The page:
‘Vindictive’ (Paul Ackford), ‘scapegoating’ (Austin Healey), ‘brutal’ (Mick Cleary, The Telegraph), ‘shambles’ (Mark Cueto)….however you’d term the record £25,000 fine and squad dismissal delivered last week to Mike Tindall by RFU professional rugby director Rob Andrew, it’s safe to say that this is not the way the player had intended to end his 11 year international career.
The man who led England for much of the past year in the absence of injured Lewis Moody, Tindall will now move from a position of seniority within the country’s elite player squad, to paying the ultimate price for being entrusted with the captaincy and setting an example of alcoholism and deceit in return.
The reaction of the RFU was in absolute contrast to Johnson’s near inaction in New Zealand at the time. The organisation claimed that Tindall‘s actions reached a level of misconduct that was unacceptable of a senior England player, amounting to a serious breach of the elite player squad code of conduct. This suggests, as former England coach Dick Best noted this week, that there must be far more to the events in New Zealand than the public have been made aware of, or such severe action would surely not have been taken. Or would it?
Was this not just a prime opportunity for RFU to make the ultimate statement by taking a player who, admittedly has done wrong, and choosing to ban him from a side which was, in reality, never again going to request his return?
It was always unlikely that Tindall’s name would feature in England’s 2012 team list; making an example of him was simply an opportunity for RFU to be seen to be taking control of the uncontrollable.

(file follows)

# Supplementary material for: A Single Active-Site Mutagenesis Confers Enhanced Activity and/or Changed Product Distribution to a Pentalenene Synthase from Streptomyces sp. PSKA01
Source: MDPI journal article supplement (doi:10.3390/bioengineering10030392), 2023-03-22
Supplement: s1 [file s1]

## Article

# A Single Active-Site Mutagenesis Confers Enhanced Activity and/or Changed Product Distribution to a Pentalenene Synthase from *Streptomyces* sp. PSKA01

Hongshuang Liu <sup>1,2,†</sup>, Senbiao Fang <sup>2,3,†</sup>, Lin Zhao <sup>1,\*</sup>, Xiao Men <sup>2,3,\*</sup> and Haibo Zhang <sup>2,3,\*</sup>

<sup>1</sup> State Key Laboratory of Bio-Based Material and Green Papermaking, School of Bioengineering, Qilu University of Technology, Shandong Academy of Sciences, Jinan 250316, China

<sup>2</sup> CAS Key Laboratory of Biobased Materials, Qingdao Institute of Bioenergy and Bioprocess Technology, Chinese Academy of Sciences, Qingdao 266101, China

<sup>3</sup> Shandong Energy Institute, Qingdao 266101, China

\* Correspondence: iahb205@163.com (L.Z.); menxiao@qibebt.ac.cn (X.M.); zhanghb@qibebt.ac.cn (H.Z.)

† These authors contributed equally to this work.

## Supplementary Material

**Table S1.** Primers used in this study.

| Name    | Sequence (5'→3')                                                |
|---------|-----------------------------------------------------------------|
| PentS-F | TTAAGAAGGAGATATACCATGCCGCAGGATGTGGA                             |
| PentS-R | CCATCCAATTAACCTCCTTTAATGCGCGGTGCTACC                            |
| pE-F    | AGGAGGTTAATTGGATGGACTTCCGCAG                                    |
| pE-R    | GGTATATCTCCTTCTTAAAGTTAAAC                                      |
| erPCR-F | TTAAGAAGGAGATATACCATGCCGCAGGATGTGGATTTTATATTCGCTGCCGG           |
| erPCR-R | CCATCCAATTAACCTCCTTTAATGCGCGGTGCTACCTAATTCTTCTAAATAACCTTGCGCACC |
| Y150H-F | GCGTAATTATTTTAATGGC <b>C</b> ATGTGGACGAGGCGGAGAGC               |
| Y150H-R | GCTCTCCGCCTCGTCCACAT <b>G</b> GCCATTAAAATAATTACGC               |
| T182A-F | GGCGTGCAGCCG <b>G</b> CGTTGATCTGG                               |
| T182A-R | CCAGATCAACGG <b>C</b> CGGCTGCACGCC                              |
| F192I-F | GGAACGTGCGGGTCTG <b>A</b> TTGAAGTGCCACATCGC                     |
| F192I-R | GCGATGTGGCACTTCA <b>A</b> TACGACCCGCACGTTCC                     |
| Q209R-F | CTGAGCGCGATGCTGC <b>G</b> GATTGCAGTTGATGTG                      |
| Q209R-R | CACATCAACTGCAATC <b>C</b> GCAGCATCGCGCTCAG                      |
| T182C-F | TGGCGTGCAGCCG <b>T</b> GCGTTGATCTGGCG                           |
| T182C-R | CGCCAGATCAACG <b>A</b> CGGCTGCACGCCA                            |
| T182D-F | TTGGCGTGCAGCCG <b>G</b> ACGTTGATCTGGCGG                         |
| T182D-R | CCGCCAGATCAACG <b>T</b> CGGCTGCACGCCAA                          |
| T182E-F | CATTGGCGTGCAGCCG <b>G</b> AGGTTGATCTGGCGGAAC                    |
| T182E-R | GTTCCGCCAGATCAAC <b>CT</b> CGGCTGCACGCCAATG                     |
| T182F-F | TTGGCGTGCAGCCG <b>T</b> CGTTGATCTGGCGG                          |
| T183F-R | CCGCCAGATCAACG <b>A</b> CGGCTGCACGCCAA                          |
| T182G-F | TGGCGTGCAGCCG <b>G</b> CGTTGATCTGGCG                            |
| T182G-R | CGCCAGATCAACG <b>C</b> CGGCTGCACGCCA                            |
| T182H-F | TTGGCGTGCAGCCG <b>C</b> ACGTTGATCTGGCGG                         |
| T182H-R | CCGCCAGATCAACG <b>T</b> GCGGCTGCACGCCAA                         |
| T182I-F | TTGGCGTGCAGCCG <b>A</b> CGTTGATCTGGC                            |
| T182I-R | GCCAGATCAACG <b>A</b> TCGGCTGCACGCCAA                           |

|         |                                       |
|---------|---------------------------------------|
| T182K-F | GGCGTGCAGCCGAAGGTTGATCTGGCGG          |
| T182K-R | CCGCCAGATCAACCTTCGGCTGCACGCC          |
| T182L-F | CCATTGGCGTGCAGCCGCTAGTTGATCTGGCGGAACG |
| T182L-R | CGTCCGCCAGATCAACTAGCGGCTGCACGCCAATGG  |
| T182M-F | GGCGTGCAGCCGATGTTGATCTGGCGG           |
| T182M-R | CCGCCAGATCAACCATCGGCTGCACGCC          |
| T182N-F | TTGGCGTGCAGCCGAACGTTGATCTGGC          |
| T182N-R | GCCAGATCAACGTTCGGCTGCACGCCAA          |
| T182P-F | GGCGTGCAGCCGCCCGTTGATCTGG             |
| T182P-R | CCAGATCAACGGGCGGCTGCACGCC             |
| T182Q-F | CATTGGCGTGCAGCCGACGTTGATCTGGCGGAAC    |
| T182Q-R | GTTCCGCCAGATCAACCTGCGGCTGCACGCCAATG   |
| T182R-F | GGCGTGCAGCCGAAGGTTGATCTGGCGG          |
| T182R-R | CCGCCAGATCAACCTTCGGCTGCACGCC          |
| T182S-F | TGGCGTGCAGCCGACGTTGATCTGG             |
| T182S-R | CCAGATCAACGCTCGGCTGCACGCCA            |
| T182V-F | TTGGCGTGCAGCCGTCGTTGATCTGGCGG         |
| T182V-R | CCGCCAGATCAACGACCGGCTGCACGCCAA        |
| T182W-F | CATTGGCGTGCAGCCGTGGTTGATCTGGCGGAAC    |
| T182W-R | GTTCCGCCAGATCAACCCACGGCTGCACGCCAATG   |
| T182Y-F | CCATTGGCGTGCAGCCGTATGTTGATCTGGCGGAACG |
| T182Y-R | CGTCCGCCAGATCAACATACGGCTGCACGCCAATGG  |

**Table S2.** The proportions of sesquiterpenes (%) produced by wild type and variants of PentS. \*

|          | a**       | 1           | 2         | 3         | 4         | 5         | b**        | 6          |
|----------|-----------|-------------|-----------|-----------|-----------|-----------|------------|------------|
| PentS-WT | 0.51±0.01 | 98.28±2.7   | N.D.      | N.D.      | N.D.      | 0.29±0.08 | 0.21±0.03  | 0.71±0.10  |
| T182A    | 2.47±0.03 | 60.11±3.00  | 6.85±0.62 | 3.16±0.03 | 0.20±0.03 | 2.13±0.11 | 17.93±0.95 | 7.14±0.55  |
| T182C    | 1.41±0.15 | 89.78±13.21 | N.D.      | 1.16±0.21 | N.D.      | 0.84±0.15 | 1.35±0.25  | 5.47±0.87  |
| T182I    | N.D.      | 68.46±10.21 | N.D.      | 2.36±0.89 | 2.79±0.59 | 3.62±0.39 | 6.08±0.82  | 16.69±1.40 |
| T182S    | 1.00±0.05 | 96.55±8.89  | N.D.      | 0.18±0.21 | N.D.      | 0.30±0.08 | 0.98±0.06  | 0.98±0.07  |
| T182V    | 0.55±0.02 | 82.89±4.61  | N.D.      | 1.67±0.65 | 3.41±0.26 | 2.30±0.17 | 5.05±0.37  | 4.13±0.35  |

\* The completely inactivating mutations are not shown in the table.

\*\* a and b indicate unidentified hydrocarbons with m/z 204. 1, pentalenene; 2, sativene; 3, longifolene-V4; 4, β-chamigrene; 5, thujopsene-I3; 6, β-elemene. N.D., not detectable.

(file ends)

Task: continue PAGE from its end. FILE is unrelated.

It is a sad day when a player who has earned 75 caps sees his international career ended by public annihilation. It’s an even sadder day when that player’s punishment is actually no more than an opportunity for RFU to stomp its feet and flex its muscles.
By invoking Tindall’s removal from the squad the RFU is seen to be punishing unacceptable behaviour, upholding the rules of the game off the field and communicating a powerful message to players and management alike. All of this is achieved without having to remove a player who will have any great impact on the future success of England rugby. Perhaps if it were Lewis Moody or Toby Flood in this scenario, it would be an entirely different end to the story.
Even more frustratingly than any of the above is the delayed reaction of the RFU in penalizing Tindall. The result of which is to ensure that the chaos which surrounds England rugby is remembered for just a few more weeks than was ever necessary. In fact it wasn’t until Andrew handed down such a ridiculously excessive penalty that I felt any shred of sympathy for Tindall; now I’m unsure which of the two I find more intolerable.
All in all the RFU has done a fantastic job of making an example of a player who is useless to the future of England rugby. Andrew meanwhile has attracted prolonged attention from the British media, made a mockery of the disciplinary system and probably put himself in the firing line along the way. Someone give the man a gold star.